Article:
A few nights ago, I was talking to my friend about my fundraising project. My friend works at the Guatemalan Human Rights Commission (GHRC), and it was through her organization’s Speaker’s Tour with the indigenous activist Maria Choc that I first learned German Choc’s riveting story.
I updated my friend on my project’s slow progress, and by way of explanation said that perhaps people don’t perceive German’s appeal to be urgent. My friend disagreed, and said that this perception was due to my point of view. She told me,”You look at German Choc from a disability rights perspective, at his long-term needs–his access to medical care and right to employment. I look at him from a human rights perspective. I see him as a human rights defender attacked for defending his right to natural resources.”
Both my friend’s and my own ways of perceiving German Choc’s story touch on intersecting elements of his experience. Yet I have only discussed German’s cause from a disability rights perspective on this blog. I shied away from discussing how German is a human rights defender, shot and subsequently paralyzed for defending his community’s right to land. My knowledge of Guatemalan land rights is limited, and I was worried my explanation could misrepresent German and his community.
I want to avoid misrepresenting German at all costs. As a human rights defender and a person with a disability, German has suffered a loss of power over his own life. I never want to take more power from him by misrepresenting his story. Yet my failure to discuss how German Choc is a human rights defender takes away more power from him than my unsophisticated explanation ever could, which is why I will give my best efforts to describe the land rights struggle in El Estor, Guatemala and how this forty-year struggle led to the attack on German Choc. After all, I named my Etsy Store after Amelia Sedley from “Vanity Fair” and not Nelly Dean from “Wuthering Heights,” so here it goes….
In the 1950s, the US Geological Service found large nickel deposits in El Estor, Guatemala, a small municipality in the Izabal department located near Guatemala city. Eager to acquire the nickel, the Canadian mining company Inco attained a forty-year lease to set up an open-pit nickel mine near El Estor in 1965. To make way for mining operations, Inco evicted indigenous communities living in El Estor from their own land.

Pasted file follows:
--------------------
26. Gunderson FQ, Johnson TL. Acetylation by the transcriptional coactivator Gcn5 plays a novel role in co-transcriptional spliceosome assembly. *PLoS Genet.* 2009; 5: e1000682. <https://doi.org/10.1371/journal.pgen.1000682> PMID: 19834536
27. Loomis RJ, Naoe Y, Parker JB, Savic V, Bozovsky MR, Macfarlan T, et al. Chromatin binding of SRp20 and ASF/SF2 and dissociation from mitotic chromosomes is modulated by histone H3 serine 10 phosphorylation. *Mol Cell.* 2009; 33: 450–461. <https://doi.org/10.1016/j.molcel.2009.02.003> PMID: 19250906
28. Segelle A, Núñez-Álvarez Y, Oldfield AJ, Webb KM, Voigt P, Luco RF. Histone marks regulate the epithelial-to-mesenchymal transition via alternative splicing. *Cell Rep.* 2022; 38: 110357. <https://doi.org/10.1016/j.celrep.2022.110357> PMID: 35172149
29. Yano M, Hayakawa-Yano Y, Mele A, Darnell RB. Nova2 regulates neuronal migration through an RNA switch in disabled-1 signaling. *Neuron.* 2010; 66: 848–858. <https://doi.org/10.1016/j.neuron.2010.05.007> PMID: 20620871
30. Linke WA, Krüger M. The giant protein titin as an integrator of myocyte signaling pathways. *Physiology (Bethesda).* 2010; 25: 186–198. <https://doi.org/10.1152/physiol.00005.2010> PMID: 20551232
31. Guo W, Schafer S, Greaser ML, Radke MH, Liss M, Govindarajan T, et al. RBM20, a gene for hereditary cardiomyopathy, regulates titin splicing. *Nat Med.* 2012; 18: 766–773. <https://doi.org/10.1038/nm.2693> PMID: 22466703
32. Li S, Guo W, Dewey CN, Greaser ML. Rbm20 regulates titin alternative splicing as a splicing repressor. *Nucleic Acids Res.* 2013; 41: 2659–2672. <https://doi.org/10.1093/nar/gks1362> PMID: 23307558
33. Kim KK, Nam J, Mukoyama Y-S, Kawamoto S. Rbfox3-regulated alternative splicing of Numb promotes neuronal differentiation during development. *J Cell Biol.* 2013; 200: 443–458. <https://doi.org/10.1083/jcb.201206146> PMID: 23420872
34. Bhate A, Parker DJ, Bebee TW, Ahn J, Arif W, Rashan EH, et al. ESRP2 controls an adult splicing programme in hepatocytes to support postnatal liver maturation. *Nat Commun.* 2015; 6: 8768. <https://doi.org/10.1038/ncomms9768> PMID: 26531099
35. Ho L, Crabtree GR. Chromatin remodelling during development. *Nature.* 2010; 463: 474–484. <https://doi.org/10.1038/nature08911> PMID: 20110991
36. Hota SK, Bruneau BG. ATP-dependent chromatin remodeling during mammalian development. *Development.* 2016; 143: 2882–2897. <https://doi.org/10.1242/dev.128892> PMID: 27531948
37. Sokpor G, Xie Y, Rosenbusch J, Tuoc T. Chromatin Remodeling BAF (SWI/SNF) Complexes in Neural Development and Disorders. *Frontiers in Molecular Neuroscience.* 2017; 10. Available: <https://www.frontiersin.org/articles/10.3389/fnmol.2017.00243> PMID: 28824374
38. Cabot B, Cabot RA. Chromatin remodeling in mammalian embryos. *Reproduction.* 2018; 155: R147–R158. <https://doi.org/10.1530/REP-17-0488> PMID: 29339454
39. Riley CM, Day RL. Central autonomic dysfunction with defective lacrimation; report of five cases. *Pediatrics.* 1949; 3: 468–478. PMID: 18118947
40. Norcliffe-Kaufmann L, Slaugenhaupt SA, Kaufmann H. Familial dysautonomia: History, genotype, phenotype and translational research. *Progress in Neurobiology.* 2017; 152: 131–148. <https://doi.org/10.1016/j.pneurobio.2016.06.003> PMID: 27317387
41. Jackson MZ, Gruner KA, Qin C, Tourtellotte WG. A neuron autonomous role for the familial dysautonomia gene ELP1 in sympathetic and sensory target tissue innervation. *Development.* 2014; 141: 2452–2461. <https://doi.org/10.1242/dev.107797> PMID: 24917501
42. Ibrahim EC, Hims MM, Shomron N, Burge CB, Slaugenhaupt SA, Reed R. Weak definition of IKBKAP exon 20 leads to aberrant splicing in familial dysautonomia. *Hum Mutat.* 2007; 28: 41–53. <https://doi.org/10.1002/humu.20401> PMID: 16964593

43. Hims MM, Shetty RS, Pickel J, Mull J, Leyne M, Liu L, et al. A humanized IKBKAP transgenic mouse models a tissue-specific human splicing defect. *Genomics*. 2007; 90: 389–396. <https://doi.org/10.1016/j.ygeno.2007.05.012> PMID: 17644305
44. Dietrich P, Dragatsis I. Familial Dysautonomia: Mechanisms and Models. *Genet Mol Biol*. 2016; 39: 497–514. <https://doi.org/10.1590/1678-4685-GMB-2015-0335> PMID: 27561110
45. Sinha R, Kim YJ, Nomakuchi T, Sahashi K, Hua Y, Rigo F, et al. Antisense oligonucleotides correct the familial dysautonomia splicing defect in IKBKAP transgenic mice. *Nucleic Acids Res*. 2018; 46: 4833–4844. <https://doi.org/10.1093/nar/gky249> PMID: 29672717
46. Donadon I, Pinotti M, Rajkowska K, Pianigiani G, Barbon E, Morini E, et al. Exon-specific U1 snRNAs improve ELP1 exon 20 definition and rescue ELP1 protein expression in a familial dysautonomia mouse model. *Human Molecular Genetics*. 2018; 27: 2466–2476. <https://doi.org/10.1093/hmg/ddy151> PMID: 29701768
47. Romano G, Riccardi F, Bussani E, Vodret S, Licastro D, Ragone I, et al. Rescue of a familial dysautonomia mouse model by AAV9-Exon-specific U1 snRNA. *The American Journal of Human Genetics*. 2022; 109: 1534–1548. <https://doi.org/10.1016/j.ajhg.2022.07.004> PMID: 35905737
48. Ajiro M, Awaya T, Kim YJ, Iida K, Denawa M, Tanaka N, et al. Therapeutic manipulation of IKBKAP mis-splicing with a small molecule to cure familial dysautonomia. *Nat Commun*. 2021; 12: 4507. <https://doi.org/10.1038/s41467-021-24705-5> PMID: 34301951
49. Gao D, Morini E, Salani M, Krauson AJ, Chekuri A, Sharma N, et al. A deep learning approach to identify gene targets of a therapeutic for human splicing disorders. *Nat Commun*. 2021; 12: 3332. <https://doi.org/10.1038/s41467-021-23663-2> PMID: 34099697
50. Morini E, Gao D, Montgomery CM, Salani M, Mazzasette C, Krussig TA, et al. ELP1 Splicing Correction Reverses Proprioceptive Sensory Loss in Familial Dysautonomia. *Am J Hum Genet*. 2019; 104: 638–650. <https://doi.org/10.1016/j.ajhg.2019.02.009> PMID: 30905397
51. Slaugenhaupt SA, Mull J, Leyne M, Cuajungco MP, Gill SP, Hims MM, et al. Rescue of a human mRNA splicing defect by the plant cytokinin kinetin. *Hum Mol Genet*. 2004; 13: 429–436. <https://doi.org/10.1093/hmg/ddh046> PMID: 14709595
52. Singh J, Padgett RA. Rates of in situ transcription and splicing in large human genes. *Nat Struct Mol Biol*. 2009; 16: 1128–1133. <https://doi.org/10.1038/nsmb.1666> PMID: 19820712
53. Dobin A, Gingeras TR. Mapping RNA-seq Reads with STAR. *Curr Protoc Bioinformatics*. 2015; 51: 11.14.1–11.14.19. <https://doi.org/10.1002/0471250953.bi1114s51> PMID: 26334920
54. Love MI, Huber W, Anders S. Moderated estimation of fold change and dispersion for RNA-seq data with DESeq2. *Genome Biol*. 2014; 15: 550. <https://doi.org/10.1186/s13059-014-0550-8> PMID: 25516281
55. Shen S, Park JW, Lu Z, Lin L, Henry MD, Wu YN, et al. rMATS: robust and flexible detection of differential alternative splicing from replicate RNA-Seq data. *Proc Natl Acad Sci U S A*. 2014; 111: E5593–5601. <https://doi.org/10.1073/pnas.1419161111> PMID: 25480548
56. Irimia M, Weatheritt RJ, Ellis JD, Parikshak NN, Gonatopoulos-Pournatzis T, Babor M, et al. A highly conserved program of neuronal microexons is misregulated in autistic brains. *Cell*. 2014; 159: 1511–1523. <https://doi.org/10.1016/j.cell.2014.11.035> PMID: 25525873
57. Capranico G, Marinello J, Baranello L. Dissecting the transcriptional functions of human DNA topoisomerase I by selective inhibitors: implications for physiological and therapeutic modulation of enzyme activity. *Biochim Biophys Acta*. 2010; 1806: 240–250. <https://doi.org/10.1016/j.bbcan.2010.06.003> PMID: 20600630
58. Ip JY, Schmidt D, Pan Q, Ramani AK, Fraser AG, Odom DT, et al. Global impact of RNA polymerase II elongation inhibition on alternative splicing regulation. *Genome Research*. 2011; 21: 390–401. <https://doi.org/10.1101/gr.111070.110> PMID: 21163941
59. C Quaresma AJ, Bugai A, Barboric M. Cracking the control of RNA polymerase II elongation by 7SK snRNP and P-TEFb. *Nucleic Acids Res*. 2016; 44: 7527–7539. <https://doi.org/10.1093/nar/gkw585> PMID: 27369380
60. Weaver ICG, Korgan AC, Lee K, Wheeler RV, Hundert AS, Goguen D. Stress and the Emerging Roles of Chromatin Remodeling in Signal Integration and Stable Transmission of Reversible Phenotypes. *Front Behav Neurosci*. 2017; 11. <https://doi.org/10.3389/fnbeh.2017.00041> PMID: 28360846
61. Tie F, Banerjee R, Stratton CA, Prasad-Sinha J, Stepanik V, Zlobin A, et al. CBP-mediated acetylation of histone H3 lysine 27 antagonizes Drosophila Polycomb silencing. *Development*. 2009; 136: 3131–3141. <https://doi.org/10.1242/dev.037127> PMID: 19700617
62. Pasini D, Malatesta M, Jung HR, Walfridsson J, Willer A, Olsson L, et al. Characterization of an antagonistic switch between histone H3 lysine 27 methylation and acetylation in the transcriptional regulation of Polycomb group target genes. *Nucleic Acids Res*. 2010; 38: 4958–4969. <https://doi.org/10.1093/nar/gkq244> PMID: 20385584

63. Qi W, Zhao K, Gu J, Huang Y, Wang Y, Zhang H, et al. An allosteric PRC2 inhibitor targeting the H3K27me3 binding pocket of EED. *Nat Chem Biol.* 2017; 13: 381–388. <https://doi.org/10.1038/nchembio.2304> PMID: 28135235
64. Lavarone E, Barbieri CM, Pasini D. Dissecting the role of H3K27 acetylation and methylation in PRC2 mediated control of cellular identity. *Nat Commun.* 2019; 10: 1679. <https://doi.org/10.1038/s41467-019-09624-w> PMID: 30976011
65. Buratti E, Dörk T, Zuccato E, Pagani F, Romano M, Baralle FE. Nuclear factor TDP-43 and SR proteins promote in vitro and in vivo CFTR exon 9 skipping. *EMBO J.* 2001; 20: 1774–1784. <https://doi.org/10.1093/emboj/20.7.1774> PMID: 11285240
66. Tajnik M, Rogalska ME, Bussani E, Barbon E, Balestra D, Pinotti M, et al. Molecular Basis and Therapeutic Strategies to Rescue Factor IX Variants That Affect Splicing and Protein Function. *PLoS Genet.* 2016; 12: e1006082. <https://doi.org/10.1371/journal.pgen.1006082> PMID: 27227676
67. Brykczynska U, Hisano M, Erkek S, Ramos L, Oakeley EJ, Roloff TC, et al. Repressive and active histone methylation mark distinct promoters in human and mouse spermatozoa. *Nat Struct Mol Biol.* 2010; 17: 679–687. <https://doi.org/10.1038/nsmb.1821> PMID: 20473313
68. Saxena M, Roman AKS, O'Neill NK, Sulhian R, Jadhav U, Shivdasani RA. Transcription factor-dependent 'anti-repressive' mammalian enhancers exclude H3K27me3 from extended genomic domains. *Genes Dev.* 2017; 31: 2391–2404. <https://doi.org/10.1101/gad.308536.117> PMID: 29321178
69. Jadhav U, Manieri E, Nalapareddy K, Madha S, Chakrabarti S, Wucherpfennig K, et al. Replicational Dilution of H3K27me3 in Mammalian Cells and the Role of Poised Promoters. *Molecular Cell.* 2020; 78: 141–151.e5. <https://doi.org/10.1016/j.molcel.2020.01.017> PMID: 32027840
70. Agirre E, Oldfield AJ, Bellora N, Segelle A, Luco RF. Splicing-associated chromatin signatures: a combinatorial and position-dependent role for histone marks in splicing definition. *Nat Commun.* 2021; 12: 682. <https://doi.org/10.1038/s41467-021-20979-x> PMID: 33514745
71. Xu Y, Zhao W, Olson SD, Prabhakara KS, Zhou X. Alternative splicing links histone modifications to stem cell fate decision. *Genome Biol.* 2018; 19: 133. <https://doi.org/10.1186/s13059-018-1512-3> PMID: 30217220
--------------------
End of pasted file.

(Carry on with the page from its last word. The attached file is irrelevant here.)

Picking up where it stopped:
The Guatemalan military government permitted the evictions, and also participated in horrific brutalities against the people of El Estor, and those who spoke out against the mining operations were disappeared. In the thirty-six year Civil War (1960-1966) that broke out in Guatemala, Time magazine reported that over “2,400 innocent Guatemalan peasants were killed in the military’s sweep around El Estor.”
The Civil War ended in 1996 with the signing of the Peace Accords, which stated that the land historically owned by indigenous Mayan communities must be protected and returned to them. Despite the promising words of the Peace Accords, nickel mining continued.
Inco sold its mining operations to Skye Resources in 2004. Skye Resources then set up a local subsidiary, Guatemala Nickel Company (CGN), which HudBay Minerals would later acquire in 2008. In 2006, Mayan communities began returning to their homes in El Estor, but were soon evicted without a court order because the land was part of Skye’s mining operations. Soon thereafter, in early January 2007, police, military and private security forces burned down the homes of hundreds of farmers throughout El Estor. mine security forces, police, and military gang raped eleven women in the community Lote Ocho.
In 2009, El Estor community members gathered to voice their fears about more evictions to the mine personnel. They planned a peaceful protest, but the situation escalated into a violent conflict. During this conflict, mine security forces shot and hacked Adolfo Ich Choc, a respected community leader who spoke against the mining, to death with a machete. On the same day, different mine security forces shot German Choc at close range in an unprovoked attack, paralyzing him.
In 2011, German told his story to representatives from Rights Action, the Council of Canadians and the Forum on Water & Gender. He also announced a lawsuit against HudBay Minerals in December 2011. Much of the information from my post comes from the description of this lawsuit, which is one of three lawsuits that the El Estor community is bringing against HudBay Minerals. The other two lawsuits are for Adolfo Ich’s murder, and the gang rape of the eleven women from Lote Ocho.
1. Klippensteins, Barristers & Solicitors. (2012). “Canadian Mining in El Estor.” Choc v. Hudbay Minerals Inc. http://www.chocversushudbay.com/history-of-the-mine
2. (2012). “Guatemala Historical Timeline.” The Guatemala Human Rights Commission. http://www.ghrc-usa.org/AboutGuatemala/History.htm
3. Russell, Grahame and Annie Bird. (2011). “Special Fundraising Appeal–Health needs & family store for German Chub Choc.” Rights Action. http://rightsaction.org/action-content/special-fund-raising-appeal-health-needs-family-store-german-chub-choc
4. Small, Rachel. (2010). “Background on Nickel Mining in El Estor.” Under-mining Guate: a Canadian’s exploration of the impacts of her country and its mines on people in Guatemala. http://rachelblumesmall.wordpress.com/2010/05/18/background-on-nickel-mining-in-el-estor/
5. (1970 ). “Guatemala: A Step to the Right.” Time Magazine. http://www.time.com/time/magazine/article/0,9171,909074,00.html